Hey there, time traveller!
This article was published 30/5/2014 (1177 days ago), so information in it may no longer be current.
The moment Reggie Abercrombie's bat cracked against the ball in the bottom of the sixth, he knew that sucker was gone.
This was on Thursday night, the first of the Goldeyes' four home games against the visiting Lincoln Saltdogs, and the home team was trailing 4-2. Josh Mazzola was lurking on second base after his leadoff double, and there was one out.
Then Abercrombie, the former major leaguer with plenty of power expectation on his shoulders, stepped up to the plate. The very first pitch he faced from reliever Jake Meiers, well, he slammed it right out of Shaw Park. The outfielder stood there for a moment, watched its arc trail over the left-field fence. Then he flipped his bat, and took the victory lap on his third round-tripper of the season.
"Aww man, that felt good," Abercrombie said before facing the Saltdogs again on Friday night. "Any time you get a good swing on there right off the bat, it's pretty fun. And anytime you start off slow, like how I've been starting out, and you can contribute to the team, it's pretty good."
That wasn't Abercrombie's only hit in Thursday's game, as he also collected a pair of singles in four at-bats. It was the one that tied the game, that gave his team a shot of momentum they would carry for an 8-5 win. "A little swagger, yeah," Goldeyes slugger Ray Sadler said.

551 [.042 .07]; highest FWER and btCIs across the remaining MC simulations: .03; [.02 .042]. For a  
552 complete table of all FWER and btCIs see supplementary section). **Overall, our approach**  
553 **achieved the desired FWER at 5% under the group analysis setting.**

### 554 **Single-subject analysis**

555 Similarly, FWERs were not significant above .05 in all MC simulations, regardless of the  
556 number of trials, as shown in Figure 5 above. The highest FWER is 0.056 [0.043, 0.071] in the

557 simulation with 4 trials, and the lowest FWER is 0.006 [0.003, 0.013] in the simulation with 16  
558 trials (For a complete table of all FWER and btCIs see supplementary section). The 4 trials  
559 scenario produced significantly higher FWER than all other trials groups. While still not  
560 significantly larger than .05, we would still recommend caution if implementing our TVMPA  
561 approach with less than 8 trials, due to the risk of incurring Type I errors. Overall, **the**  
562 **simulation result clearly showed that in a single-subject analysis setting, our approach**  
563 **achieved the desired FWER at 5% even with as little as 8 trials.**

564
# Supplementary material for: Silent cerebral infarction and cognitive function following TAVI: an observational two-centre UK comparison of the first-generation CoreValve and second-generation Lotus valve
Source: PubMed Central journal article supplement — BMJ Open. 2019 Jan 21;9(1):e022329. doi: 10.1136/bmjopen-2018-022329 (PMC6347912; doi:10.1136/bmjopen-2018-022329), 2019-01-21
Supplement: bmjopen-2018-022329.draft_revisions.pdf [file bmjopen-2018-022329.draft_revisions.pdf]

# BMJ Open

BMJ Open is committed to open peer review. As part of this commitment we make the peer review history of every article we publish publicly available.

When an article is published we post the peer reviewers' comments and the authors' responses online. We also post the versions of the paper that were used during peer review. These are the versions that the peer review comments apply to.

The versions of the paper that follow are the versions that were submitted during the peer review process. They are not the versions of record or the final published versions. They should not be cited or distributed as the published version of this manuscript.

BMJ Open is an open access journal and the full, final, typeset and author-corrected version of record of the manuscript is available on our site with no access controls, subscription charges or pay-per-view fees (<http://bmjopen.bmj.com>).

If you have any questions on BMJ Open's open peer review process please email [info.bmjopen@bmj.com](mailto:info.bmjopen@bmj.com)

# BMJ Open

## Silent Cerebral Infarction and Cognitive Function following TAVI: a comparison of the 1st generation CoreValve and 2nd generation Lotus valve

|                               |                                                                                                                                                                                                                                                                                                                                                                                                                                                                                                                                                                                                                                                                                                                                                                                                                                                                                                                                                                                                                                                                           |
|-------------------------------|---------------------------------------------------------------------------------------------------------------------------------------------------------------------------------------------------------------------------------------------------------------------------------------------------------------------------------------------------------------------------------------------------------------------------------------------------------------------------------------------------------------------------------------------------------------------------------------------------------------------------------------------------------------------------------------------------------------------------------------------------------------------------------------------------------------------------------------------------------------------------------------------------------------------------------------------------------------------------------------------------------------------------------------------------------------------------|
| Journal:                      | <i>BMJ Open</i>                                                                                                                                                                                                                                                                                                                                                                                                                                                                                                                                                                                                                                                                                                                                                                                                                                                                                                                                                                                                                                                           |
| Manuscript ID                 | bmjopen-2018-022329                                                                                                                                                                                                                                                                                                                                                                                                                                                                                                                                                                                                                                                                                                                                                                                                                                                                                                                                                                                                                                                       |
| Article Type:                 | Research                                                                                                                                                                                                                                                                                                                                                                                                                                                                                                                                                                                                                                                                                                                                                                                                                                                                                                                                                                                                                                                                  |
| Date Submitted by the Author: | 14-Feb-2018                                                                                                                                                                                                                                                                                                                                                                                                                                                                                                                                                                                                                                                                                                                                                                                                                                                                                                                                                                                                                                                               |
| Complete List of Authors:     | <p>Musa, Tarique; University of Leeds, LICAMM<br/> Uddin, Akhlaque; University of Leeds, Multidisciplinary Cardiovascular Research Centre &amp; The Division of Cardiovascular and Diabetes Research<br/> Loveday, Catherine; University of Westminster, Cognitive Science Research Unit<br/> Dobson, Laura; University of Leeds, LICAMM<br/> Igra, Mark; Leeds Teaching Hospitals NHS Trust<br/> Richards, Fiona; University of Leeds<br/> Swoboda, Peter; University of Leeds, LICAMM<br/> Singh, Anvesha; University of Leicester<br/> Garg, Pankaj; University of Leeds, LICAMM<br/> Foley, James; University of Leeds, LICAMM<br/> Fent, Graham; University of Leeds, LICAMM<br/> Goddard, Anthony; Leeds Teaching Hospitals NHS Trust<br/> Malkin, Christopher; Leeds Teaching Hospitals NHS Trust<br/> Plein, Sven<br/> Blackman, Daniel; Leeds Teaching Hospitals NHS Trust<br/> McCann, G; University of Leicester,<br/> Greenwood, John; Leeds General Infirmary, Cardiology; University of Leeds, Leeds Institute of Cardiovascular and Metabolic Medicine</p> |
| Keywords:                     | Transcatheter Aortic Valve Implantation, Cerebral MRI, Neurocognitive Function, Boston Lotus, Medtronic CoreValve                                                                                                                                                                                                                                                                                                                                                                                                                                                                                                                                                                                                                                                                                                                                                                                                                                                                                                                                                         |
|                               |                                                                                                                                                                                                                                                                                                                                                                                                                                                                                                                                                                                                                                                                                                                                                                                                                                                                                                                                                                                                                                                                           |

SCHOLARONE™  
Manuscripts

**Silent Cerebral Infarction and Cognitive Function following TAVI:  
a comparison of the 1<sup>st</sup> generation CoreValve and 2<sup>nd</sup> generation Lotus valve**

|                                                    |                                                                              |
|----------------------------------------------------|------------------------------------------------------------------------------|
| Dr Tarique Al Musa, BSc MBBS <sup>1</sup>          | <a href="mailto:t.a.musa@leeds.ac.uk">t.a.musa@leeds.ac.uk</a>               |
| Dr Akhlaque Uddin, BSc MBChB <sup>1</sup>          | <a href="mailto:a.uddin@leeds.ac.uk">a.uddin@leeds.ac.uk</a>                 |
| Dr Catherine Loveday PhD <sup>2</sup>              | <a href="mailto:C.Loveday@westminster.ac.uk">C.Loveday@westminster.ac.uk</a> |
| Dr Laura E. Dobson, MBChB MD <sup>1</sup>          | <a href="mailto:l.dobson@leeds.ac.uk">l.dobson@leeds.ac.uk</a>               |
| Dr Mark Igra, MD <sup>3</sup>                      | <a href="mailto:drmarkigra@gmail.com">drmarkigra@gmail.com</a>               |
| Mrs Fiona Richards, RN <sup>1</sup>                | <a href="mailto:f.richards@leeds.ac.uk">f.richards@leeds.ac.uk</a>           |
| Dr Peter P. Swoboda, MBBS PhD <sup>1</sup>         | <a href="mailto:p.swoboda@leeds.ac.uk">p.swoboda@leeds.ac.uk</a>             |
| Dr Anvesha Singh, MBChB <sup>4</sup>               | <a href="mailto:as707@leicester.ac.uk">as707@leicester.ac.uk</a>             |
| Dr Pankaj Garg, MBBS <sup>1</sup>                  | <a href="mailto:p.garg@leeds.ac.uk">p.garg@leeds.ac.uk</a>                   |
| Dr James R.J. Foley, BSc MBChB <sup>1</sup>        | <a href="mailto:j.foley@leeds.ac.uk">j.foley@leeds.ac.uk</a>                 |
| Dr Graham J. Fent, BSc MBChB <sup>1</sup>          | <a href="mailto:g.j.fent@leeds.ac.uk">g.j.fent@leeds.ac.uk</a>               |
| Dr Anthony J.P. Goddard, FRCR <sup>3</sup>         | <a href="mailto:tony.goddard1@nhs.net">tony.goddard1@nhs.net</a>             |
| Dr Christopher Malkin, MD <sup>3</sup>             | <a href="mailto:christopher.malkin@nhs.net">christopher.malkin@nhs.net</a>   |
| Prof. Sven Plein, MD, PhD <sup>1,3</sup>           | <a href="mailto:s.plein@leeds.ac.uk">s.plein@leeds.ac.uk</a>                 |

"Hitting is contagious, you know. Some guys hit, then that might spark something."
On Friday night, he proved a hero again, scoring the two-run homer that gave the Goldeyes a 5-4 walk-off win to stop a late Lincoln comeback. His teammates flooded onto the field, the relief and elation beaming all over their faces.
And of all the Fish hitters, Abercrombie was one who most needed that spark.
Despite holding an average of .312 through 263 career American Association games, he'd been mostly swinging cold to start 2014. After two hitless tilts earlier this week, his batting average dipped to a low of .185. Meanwhile, he's struck out 20 times -- only two players in the league have been stung for more.
"For me, it was just chasing pitches," he said. "I'm not out of it yet. I'm not where I want to be right now, but eventually you're going to get out of it."
Through those disappointing early outings, Abercrombie said he watched guys go up and take their crack, and took some inspiration from that -- especially, he said, the boffo performance of backup catcher Jordan Guida, who's hitting .538 through 13 at-bats in six games. "That's unheard of," Abercrombie said. "Anytime you got a player coming off the bench, hitting .500, putting the ball to the barrel every time he gets out there.. that's amazing."
So now, the trick will be to keep it going, to crack those power hits manager Rick Forney signed him on to get.
It helps, he said, that everyone from his teammates to Goldeyes general manager Andrew Collier have had his back. "I give them all the praise for that game," Abercrombie said.
"They have never, ever said anything negative about how I was going through a struggle. Even if I go out, strike out, whatever I did, they're there for me, patting me on the back. I love them to death for that."